Tech Startups are Hiring, Here’s How to Get a Job
The job market is still on the mend, but there is a bright spot in the market: tech startups.
In fact, 87% of tech startups that participated in a recent survey by Silicon Valley Bank report plans to increase head count this year, with most of the employment opportunities coming from software companies.
“Generally, the tech sector is performing well, so some of this is driven by the fact that these companies are in a broader segment that is hiring,” says Mary Dent, vice president, public policy at Silicon Valley Bank. “Startups are also unique. By virtue of their stage in development, startups’ ability to succeed depends on their ability to grow. They are just starting out, so they need a little bit of everything.”
While it’s true startups need people to work in all aspects of the business, the survey shows startups around the country are looking for candidates with strong science, technology, engineering and math skills. Of the survey respondents, 17% say they were looking for management, marketing, sales, operations and other non-technical skills compared to 40% who wanted job seekers with more technical experience.
Despite their need for workers and the country’s 7.5% unemployment rate, nine in 10 survey respondents report difficulty finding workers with the skills they need. Startups in Texas were particularly struggling with 94% saying they couldn’t find qualified workers. Washington was a close second with 91% reporting problems finding the right talent.
“We continue to see growth over the last couple of years and continue to see startups that are having a real talent problem,” says Steve Roberson, CEO and co-founder of StartUpHire. “Startups we interact with have a lot of frustrations about being able to hire people they need in a timely manner.”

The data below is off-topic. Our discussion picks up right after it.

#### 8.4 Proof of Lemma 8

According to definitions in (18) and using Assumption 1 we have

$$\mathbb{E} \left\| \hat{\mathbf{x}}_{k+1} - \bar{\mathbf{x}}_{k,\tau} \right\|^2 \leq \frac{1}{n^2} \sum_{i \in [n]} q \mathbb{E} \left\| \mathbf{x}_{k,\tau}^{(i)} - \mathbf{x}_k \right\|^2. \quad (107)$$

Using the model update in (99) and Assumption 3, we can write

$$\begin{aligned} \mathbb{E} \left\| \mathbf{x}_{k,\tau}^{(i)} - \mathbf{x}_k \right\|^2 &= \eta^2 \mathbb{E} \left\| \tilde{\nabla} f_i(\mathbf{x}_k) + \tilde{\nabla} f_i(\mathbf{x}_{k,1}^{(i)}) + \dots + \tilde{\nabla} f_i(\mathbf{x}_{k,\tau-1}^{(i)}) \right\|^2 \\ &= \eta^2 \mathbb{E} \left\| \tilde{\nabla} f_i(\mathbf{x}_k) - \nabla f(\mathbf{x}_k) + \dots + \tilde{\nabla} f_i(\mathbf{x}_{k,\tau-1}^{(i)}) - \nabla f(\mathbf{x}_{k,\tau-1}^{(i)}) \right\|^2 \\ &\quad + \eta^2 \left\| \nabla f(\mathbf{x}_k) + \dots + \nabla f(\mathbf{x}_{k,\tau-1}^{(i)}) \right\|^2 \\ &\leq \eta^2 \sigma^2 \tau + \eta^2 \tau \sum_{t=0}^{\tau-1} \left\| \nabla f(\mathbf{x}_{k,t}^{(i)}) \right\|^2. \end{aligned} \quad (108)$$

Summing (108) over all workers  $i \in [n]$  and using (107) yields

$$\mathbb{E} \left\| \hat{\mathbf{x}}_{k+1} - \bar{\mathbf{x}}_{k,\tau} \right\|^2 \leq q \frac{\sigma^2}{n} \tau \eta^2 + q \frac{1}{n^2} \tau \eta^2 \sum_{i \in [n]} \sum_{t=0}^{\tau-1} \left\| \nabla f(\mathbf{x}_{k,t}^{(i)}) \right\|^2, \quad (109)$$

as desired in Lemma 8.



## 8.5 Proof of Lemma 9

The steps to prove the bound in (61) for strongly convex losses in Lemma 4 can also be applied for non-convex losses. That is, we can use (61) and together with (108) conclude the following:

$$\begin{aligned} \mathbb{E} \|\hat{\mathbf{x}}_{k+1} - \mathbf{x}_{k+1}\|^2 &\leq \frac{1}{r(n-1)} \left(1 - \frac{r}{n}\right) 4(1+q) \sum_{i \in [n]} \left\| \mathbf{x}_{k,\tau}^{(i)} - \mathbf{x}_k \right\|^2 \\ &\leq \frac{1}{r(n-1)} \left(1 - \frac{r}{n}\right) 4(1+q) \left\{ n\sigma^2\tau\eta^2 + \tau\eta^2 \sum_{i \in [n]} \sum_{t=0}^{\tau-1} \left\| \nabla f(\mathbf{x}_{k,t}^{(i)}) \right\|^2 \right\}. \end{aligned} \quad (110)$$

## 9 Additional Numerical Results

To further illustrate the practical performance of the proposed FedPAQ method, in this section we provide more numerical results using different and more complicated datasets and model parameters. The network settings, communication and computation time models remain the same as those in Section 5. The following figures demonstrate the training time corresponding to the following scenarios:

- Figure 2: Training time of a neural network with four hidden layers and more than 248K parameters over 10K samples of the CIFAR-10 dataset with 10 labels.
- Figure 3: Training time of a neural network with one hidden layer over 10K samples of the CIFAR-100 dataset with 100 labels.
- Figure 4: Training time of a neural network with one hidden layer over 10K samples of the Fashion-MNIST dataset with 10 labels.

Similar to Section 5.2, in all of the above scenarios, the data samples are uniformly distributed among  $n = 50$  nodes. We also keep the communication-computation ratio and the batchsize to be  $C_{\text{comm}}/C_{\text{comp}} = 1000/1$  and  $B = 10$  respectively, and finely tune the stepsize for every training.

According to Roberson, startups’ top hiring priorities are engineers, software and product developers and science-oriented workers. While it’s not exclusive to technical jobs, Roberson says there’s a huge disparity in the number of candidates versus the open technical positions compared to other roles.
For job seekers with the right skills, working at a startup can provide a great opportunity—but it’s not for everyone. According to industry experts, startups don’t often offer job security and a tightly-defined role when they are first getting off the ground.
“The biggest con to working in a startup is the uncertainty. You don't know if the company will make it. You don't know if the company will make payroll from week to week. You don't know if you'll have a job tomorrow,” says Kathy Ver Eecke, a writer for startup advice blog Working for Wonka. “If you are risk averse, or if that kind of uncertainty makes you nervous, a startup is not the place for you.”
On the hand, working at a startup can be challenging and provide the opportunity to explore different roles. Unlike corporate America, employees of startups wear many hats with employees performing duties that are above their level and skill set.
“It takes all hands to run the ship, so most employees work way above their experience level as far as job responsibilities. It makes for an exciting day, but it also makes for great bullets on a resume after the fact,” says Ver Eecke.
For job seekers looking to get into the startup world, they need to be innovative, stay current on industry trends and keep their skill set and experience up to date. Startups want passionate people, so it’s important to show enthusiasm for the product, service or mission of the company in an interview.
“So many startups see themselves not just as a company that’s trying to bring forth a new revenue stream, but a mission to change an industry; change the way things are done,” says Roberson.
Experts say candidates should be scared to cold call companies to show their interest. According to Ver Eecke, if a startup is growing, chances are they are hiring.
“A startup founder is going to be more interested, and more impressed by the paper route you grew as a child, than they will be by your last job in corporate America,” says Ver Eecke.